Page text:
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During a pandemic, a clogged kitchen drain can mean washing dishes in the tub for a couple of weeks. An overflowing toilet can mean only one working bathroom in the house (causing a health hazard), and what happens if a pipe breaks? Do you know where your main water shut-off valve is? Our team pulled the following advice from our member-exclusive vipTIPs to help you tackle the most common plumbing emergencies during the COVID-19 pandemic and beyond.
#1 – What to do if your home is flooding
First, you need to shut off the water main that brings water into your home. The valve is typically located near the perimeter of your home in warm climates and in the basement in cold climates. Depending on when your home was built, it can have a knurled or a ball-looking handle.
If you can’t find the valve quickly, then check your original home inspection report. Its location should be noted there. (Upload your inspection into the MyProfile section of the vipHomeLink app for quick access!)
Second, isolate the shut-off point. Most water items, like a toilet or sink, have an individual water shut-off valve. This way, you can turn your main water back on and be able to function (especially to wash your hands). If you don’t know where the flood originated – here’s where the usual shut-off valves are, to help you locate yours:
- Many toilets have a small valve located below the bowl. Turn gently clockwise to stop the flow of water.
- Underneath the sink, there should be a small shut-off valve that can be turned clockwise.
- Find two valves or levers behind the washing machine. Turn these clockwise to stop the water flow.
To prevent some of the most common plumbing emergencies: Install an auto-water shut-off valve, which can help to monitor your water usage, alert you to a leak, and even shut off the water coming into the house automatically.
#2 – Simple methods to unclog your toilet
Having a clogged toilet is an unpleasant experience during the best circumstances and unbearable if you only have one bathroom in your home. Try these quick methods to clear one of the worst common plumbing emergencies:
- How to unclog a toilet fast: Close the flap after the toilet refuses to plunge. Then check for any items that may be causing a blockage and if you can see what is stopping the toilet, remove it. If not, run the plunger under hot water to help loosen the rubber, and then insert the plunger into the bowl. Plunge for up to 20 seconds. (If the bowl drains and is still not flushing properly, then the clog is still present.) Fill the bowl to its normal water level and plunge again.
- How to unclog a toilet with baking soda and vinegar: Heat half a gallon of water (not to boiling) and drop it from waist height. Follow quickly with a mixture of I cup baking soda and 2 cups vinegar. If you don’t have vinegar and baking soda on hand, try using dish soap. If possible, leave overnight to soak and clear up the clog.
- How to unclog a toilet with a hanger: Use a wire coat hanger with a small, wet rag over the top so as not to scratch the toilet bowl. (This acts as a makeshift plumbing snake.)
#3 – How to unclog a sink
Having a clogged drain is one of the most common plumbing emergencies a homeowner will face.
- How to unclog a bathroom sink with home remedies – First, try pouring a pot of warm water down your drain, followed by a ½ cup of baking soap and a ½ cup of distilled vinegar. Cover the drain to keep the concoction from bubbling out. Let it sit for 15 to 30 minutes before pouring another pot of warm water down the drain.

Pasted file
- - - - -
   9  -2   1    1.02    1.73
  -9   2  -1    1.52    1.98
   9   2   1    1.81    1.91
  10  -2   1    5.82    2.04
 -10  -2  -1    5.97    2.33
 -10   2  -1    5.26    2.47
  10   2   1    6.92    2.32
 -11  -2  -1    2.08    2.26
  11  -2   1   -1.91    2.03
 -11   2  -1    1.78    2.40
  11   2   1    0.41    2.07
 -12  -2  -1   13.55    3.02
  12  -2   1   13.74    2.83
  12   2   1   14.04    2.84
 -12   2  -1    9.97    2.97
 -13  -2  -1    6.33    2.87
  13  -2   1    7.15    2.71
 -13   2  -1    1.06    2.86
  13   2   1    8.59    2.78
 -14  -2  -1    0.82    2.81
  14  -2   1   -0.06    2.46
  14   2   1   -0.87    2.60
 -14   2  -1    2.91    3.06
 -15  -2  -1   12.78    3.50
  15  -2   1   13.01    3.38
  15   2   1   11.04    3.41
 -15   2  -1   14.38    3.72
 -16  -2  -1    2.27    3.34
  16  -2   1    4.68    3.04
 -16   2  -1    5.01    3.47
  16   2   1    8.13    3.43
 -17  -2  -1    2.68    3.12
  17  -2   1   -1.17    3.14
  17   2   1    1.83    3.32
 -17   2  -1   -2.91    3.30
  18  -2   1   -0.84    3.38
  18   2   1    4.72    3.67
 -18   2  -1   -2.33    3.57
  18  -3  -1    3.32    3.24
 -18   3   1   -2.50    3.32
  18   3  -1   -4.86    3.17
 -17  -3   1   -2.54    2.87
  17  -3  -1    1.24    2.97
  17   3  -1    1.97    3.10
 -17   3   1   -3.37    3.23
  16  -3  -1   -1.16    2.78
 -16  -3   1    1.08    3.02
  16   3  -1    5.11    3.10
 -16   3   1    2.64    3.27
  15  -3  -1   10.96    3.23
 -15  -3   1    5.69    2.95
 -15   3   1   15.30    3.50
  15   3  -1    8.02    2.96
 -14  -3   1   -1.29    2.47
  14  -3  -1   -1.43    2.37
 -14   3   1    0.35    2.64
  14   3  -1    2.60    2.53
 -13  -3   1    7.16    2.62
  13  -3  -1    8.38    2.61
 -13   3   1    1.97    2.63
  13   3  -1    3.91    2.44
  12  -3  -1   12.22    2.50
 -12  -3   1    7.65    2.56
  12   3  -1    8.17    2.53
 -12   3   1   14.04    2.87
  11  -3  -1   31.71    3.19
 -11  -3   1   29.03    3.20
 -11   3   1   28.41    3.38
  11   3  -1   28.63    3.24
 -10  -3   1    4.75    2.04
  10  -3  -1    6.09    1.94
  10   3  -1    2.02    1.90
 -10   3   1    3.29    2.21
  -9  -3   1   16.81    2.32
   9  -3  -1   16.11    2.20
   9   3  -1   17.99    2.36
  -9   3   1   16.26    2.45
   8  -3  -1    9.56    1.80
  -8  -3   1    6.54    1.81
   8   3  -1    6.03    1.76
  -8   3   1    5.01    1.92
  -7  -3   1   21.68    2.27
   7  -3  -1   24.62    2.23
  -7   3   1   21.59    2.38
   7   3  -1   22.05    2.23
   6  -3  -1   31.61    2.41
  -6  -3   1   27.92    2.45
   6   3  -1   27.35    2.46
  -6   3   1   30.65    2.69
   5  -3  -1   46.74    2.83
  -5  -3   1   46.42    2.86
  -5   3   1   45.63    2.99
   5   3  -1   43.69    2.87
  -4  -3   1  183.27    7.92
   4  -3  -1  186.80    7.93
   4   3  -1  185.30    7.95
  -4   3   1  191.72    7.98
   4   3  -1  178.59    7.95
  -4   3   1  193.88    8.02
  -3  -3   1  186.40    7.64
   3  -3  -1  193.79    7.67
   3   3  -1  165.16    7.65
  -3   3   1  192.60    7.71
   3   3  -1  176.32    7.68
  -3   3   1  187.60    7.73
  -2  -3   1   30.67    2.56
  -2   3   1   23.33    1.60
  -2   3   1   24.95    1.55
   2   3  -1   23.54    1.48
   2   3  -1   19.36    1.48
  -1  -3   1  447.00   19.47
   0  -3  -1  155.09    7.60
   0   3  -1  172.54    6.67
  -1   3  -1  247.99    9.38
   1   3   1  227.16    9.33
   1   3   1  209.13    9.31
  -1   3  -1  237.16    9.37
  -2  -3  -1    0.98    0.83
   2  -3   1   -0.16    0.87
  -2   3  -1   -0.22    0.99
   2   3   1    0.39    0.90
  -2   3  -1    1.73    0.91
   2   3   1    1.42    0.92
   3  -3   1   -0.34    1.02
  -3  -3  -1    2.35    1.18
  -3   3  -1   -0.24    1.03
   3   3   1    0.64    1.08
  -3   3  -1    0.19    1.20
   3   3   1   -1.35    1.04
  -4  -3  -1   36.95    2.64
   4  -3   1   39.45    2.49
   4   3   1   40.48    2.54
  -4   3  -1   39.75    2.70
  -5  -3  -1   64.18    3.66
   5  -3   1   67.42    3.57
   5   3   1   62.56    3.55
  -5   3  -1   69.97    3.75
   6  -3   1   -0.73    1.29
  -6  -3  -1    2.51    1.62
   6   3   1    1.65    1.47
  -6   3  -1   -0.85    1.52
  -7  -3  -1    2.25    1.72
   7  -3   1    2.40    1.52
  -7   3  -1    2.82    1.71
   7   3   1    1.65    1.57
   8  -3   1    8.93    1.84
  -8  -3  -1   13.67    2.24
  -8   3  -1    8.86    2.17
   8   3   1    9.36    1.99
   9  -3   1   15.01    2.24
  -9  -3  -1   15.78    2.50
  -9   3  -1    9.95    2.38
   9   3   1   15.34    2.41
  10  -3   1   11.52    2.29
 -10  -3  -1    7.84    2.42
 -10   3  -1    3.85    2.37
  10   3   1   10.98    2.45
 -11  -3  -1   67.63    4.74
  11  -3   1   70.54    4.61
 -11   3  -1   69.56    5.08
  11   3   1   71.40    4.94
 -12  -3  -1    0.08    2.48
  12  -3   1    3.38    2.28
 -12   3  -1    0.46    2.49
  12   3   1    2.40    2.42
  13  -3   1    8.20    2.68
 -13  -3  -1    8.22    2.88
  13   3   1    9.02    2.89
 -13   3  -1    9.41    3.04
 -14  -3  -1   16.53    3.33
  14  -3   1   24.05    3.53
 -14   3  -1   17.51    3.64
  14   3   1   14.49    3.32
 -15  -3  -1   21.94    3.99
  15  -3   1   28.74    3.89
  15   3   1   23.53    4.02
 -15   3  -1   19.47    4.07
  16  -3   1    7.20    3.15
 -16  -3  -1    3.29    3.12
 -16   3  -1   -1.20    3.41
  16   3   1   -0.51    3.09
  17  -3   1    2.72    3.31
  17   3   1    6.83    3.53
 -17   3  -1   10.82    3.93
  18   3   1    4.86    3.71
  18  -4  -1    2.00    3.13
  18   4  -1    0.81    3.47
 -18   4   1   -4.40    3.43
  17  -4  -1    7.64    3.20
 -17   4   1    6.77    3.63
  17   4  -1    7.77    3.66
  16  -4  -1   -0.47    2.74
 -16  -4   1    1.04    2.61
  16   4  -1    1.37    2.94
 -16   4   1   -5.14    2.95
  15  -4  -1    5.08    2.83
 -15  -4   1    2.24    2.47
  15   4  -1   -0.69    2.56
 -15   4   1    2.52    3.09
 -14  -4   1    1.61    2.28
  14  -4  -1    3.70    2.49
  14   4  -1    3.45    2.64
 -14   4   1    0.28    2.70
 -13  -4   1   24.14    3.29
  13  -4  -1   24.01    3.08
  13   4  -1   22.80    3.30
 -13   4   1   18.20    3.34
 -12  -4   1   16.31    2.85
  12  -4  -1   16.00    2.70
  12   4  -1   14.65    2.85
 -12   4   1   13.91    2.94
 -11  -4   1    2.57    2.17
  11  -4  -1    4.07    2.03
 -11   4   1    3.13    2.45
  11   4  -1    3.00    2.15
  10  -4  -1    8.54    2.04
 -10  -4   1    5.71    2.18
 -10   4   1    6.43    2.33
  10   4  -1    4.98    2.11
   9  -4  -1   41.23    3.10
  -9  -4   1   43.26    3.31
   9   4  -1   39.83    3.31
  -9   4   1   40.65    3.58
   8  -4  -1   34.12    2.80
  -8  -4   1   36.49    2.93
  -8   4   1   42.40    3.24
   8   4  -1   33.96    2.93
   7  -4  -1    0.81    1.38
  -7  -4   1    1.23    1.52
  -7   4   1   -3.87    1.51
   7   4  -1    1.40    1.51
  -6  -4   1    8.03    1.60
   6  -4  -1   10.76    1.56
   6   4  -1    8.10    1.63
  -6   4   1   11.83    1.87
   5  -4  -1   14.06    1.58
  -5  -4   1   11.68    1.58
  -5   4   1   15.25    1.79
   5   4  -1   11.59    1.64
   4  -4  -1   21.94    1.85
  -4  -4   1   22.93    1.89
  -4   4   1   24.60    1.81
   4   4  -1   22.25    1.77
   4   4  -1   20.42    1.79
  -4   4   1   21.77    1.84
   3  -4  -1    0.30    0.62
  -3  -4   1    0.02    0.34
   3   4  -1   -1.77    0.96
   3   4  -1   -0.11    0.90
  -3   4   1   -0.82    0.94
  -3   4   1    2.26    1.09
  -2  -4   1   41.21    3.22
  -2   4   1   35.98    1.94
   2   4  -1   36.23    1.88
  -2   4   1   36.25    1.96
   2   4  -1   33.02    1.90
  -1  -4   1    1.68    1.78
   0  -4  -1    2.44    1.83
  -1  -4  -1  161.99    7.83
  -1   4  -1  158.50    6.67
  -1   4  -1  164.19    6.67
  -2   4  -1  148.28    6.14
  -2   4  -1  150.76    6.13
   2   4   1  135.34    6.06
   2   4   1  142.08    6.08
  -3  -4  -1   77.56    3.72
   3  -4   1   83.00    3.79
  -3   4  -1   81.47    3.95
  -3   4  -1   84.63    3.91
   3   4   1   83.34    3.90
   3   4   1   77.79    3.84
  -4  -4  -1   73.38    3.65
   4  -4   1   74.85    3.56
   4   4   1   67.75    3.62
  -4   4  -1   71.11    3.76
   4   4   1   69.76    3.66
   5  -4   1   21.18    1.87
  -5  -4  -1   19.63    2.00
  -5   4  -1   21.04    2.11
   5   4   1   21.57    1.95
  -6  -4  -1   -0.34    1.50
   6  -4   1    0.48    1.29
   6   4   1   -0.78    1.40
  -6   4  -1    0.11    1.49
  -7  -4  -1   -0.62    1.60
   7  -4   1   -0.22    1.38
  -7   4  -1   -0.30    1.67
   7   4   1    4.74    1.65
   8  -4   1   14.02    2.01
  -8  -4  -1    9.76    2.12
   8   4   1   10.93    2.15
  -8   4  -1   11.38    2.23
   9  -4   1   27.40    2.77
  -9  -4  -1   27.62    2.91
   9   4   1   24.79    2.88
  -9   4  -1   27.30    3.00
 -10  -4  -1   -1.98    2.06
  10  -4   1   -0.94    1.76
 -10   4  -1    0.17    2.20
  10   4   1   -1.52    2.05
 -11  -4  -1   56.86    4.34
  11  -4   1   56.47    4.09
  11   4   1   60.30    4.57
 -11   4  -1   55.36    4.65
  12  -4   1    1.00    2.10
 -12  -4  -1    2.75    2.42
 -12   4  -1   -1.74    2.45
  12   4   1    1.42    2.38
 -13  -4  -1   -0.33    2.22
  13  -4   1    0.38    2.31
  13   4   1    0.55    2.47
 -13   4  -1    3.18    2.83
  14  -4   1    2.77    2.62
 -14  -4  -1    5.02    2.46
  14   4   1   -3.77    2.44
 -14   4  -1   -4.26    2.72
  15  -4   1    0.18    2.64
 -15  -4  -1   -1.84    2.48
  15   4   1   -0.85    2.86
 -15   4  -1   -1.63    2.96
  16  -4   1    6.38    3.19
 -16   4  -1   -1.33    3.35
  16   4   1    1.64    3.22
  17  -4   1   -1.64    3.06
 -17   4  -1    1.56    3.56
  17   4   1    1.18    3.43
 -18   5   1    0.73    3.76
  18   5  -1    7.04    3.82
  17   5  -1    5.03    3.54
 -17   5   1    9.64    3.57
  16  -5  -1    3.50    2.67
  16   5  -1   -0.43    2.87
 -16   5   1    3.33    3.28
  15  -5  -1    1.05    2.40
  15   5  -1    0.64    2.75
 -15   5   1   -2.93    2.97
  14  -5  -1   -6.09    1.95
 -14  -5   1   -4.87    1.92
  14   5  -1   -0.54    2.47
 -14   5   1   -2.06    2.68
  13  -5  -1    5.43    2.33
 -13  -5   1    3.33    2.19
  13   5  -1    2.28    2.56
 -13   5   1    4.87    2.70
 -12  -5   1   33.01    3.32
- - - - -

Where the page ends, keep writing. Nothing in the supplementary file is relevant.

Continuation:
- How to unclog a kitchen sink with a plunger – Plunge (hopefully not with the same plunger you use for the toilet). If that doesn’t work, mix hot water and detergent, and pour it down the drain. Wait a few minutes and then plunge again.
- How to unclog a sink with tools – Shut off the water to the sink by turning the dials underneath it. Then unscrew the P-trap or J-bend pipes. You might be able to do so without any tools, or you may need slip-joint pliers to tighten the washer.
#4 – How to stop puddles from forming under your refrigerator
Not only is this a problem for your appliance but a broken refrigerator also means you’ll need to venture out more frequently for milk. A leaky refrigerator is one of two scenarios – a blockage in the refrigerator’s defrost drain or a water supply line. First, unplug the refrigerator, then –
- For the clogged defrost drain, shut off the valve to the refrigerator and check to make sure there isn’t a leak in the supply line. If so, replace. If not, leave the refrigerator unplugged for two hours to see if the ice chunks melt. Then re-plug the unit and see if it works.
- For the water supply drain, use a funnel and pour warm water down the drain. If that doesn’t work, try using a coat hanger to clear any debris, and if all else fails, clear the valve at the end of the drain hose.
#5 – How to unjam your garbage disposal
You shoved food waste down the drain, didn’t you? Next time, create a compost bin and use those scraps in your garden, but for now, turn the power off to the garbage disposal. Then try using the key that came with the unit to get inside and clear the clog. If you lost that, try using a plunger to clear the issue. If that doesn’t work, use a hex key to detach the motor and clear the offending item.
Stay on top of home maintenance
We know how difficult it is to know what to do and when to do it around the home. That’s why we help to simplify homeownership through our home management app, which provides homeowners with personalized reminders for home tasks. From bat proofing your home to vacuuming your dryer vent, we’ve got you covered.